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Visual Studio Automated Refactoring Tool Should Improve Development Time, but ReSharper Led to More Solution-Build Failures
Ehsan Firouzi and Ashkan Sami
(Shiraz University, Iran)
Several studies showed effectiveness of manual refactoring. Thus, automated refactoring tools in Visual Studio are expected to have positive effects on the success rate of ‘Builds’. Few studies have actually investigated automated refactoring tools impact in this aspect. In addition, we have investigated test results, commits and undo changes into version control system (VCS) also. Firstly, if the number of successful compilation of session solution ‘Builds’ is considered as a metric, our investigation on Enriched Event Stream Dataset showed use of ReSharper has lowered the success rate of builds, introduced errors and may have increased the development time. Secondly, test error rates decreased when ReSharper tools are used aligned with previous studies on software testing. Finally, percentage of commits has significantly increased and reverts decreased on use of ReSharper. Overall, despite some positive impacts that the automated refactoring tool of Visual Studio had, our study showed that the automated suggestions and changes that ReSharper has made are not completely trustable. Our research suggests that ReSharper may not consider a global view of the solution.
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Statistical API Completion Based on Code Relevance Mining
Chengpeng Wang, Yixiao Yang, Han Liu, and Le Kang
(Tsinghua University, China; Chinese Academy of Sciences, China)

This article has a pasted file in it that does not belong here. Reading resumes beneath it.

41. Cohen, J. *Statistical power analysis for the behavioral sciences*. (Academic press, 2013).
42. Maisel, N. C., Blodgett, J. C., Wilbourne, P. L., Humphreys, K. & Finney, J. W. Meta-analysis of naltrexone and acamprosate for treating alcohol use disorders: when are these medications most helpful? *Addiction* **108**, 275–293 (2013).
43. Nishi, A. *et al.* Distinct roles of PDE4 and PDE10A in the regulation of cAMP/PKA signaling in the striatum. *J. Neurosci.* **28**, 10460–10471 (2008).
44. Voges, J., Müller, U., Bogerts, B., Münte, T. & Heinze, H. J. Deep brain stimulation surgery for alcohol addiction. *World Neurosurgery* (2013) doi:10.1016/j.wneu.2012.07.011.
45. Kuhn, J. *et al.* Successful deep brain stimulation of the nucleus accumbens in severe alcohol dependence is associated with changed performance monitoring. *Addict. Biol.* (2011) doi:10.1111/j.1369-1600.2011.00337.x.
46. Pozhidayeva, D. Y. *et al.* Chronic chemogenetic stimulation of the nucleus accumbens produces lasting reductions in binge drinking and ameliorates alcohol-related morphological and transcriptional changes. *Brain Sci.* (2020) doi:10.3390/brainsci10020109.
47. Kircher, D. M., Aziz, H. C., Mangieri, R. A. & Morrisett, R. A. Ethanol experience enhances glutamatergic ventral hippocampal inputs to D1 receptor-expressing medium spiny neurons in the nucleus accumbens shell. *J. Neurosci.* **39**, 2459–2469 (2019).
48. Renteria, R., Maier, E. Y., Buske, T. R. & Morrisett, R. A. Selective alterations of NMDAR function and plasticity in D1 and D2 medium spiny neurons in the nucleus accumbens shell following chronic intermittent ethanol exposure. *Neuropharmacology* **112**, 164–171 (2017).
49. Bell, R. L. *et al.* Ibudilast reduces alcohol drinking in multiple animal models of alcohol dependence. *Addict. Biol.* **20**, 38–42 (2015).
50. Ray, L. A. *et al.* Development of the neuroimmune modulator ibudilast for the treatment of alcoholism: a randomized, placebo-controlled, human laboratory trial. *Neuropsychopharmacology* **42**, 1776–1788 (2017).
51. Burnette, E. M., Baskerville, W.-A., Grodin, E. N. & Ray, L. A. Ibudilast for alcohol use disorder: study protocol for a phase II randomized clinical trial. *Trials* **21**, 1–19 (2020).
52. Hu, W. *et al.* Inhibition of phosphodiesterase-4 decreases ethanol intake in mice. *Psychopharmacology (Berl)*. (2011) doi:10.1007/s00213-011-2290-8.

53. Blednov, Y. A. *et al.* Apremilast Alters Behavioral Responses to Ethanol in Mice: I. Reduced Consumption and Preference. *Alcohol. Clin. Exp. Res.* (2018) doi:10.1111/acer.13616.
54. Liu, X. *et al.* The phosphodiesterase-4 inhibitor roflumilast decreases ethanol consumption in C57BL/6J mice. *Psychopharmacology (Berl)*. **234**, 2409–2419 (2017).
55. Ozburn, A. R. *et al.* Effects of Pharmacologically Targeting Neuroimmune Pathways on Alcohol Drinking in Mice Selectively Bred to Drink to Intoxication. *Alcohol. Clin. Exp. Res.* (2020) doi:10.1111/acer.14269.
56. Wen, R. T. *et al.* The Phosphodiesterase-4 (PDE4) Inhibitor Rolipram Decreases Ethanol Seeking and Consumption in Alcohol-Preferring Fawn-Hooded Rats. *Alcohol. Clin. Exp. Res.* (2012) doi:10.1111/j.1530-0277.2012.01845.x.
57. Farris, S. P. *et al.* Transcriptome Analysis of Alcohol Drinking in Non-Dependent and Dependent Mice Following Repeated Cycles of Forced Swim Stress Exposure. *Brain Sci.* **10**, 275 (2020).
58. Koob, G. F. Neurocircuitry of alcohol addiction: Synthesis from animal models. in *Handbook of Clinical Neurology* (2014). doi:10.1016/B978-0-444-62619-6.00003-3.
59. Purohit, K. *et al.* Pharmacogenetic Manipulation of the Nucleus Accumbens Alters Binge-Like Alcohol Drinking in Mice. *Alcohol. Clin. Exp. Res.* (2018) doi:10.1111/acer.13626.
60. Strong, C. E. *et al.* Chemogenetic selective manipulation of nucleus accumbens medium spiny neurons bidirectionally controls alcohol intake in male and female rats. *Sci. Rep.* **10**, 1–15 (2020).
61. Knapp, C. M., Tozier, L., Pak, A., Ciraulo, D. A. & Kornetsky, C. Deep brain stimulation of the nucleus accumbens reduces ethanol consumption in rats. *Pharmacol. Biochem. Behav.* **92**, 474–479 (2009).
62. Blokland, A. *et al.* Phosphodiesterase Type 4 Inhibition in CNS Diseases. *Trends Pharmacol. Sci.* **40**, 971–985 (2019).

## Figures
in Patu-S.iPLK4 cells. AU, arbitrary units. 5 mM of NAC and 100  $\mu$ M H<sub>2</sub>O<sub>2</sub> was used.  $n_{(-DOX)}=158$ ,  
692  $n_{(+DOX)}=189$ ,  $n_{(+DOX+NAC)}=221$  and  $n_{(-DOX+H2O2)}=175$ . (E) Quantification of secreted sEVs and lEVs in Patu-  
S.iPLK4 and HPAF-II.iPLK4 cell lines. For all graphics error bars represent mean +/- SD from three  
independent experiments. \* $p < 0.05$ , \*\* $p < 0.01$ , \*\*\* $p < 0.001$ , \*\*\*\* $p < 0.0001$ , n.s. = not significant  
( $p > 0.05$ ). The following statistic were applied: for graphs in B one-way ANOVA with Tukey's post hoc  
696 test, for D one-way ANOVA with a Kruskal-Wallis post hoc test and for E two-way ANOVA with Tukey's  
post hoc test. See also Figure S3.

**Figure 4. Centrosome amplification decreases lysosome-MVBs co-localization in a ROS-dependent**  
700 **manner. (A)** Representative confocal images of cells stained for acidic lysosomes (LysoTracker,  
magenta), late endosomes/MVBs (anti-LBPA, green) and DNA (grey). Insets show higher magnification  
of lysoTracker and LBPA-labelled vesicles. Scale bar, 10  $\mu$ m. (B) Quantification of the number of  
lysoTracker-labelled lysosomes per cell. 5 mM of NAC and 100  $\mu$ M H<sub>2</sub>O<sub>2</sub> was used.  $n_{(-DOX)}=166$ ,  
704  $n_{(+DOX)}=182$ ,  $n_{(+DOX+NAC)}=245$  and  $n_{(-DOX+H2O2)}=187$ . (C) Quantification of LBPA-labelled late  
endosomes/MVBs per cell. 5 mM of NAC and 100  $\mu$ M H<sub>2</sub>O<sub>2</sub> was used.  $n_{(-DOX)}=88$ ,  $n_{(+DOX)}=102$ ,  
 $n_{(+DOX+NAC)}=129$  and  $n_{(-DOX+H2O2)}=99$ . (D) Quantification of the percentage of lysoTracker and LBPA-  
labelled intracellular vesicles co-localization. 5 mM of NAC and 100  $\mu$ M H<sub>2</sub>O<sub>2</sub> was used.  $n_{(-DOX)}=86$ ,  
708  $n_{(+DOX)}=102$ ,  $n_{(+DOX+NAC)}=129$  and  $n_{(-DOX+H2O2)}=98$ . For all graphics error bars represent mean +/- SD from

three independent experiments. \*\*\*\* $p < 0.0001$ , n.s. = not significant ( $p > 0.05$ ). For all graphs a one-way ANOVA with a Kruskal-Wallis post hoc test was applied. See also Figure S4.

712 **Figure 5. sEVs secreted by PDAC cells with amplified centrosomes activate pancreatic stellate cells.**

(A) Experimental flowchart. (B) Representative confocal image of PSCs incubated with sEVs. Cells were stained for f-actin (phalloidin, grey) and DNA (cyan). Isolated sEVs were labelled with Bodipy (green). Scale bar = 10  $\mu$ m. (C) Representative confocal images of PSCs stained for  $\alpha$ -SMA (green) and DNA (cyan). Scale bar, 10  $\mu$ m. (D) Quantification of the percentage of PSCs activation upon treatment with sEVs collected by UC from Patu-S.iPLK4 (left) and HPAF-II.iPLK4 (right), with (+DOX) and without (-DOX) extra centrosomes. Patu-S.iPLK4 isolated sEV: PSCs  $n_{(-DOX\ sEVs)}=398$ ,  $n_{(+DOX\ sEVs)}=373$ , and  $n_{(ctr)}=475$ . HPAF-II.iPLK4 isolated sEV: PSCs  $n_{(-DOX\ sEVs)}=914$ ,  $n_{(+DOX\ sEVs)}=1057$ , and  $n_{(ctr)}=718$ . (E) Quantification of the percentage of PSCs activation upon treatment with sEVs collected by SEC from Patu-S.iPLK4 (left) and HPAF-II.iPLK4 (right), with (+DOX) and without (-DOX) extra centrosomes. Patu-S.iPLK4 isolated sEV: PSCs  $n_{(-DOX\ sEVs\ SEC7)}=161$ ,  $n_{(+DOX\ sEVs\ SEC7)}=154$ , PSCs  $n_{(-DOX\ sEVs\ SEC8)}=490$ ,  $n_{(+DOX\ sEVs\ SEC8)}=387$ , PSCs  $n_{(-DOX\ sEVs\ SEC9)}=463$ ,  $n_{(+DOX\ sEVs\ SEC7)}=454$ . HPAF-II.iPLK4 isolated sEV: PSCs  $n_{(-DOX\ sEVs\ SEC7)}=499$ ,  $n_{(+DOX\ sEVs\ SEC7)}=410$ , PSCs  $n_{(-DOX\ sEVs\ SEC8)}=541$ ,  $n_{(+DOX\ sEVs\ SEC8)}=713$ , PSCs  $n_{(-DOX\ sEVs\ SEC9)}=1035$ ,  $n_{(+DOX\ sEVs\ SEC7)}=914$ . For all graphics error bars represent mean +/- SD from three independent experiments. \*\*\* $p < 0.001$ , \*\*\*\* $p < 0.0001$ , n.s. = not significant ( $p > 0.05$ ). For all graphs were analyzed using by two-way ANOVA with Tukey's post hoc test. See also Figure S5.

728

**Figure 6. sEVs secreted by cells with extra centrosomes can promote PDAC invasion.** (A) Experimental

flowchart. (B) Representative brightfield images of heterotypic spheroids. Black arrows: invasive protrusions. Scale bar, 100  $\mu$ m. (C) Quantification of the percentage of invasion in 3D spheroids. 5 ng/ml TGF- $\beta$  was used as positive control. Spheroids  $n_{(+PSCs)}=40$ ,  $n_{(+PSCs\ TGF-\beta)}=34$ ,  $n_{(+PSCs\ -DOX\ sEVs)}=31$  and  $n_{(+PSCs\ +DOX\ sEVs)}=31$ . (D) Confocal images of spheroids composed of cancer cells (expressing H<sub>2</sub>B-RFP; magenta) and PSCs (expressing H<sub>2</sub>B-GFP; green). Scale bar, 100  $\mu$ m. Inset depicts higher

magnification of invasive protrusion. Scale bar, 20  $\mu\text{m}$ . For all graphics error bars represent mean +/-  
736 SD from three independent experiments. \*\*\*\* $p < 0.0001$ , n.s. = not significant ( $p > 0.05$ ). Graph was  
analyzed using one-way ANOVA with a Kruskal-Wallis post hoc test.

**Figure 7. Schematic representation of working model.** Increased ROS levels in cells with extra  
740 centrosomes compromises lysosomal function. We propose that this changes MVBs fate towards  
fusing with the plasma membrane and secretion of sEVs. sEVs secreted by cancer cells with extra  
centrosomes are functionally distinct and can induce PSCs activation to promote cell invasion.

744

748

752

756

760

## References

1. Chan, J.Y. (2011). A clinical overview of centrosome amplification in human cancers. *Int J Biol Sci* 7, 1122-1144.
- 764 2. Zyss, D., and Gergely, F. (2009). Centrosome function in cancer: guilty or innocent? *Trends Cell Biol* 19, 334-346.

While Application Programming Interface (API) enables an easy and flexible software development process, selecting a best-fit API is often non-straightforward in practice due to misunderstanding on the API specification or a complex programming context etc.. Consequently, the API selection has always been time-consuming and error-prone. In recent years, API recommendation systems have been introduced to help developers choose an API automatically, e.g., Eclipse and IntelliJ can generate an internal or user-defined API on the fly. Other research leveraged language models to capture the regularity in API usage and further guide the completion of APIs. While existing approaches provided a general support for API usage, they suffer from the lack of semantic awareness (e.g., Eclipse) and code relevance (e.g., language model based methods). To overcome these limitations, we proposed CRMAC in this paper. The key insight of CRMAC is a combination of a cache language model which learns code regularity from both open-source projects and local projects, as well as a relevance mining engine that identifies similar code to enable a weighted language model training. In our empirical evaluation, CRMAC overwhelmed n-gram approaches, with an improvement of 5.28% in terms of top 10 accuracy. Moreover, over 79% APIs were correctly predicted in the top 10 guesses of CRMAC.

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Summarizing Code Changes by Tracing an Operation History Graph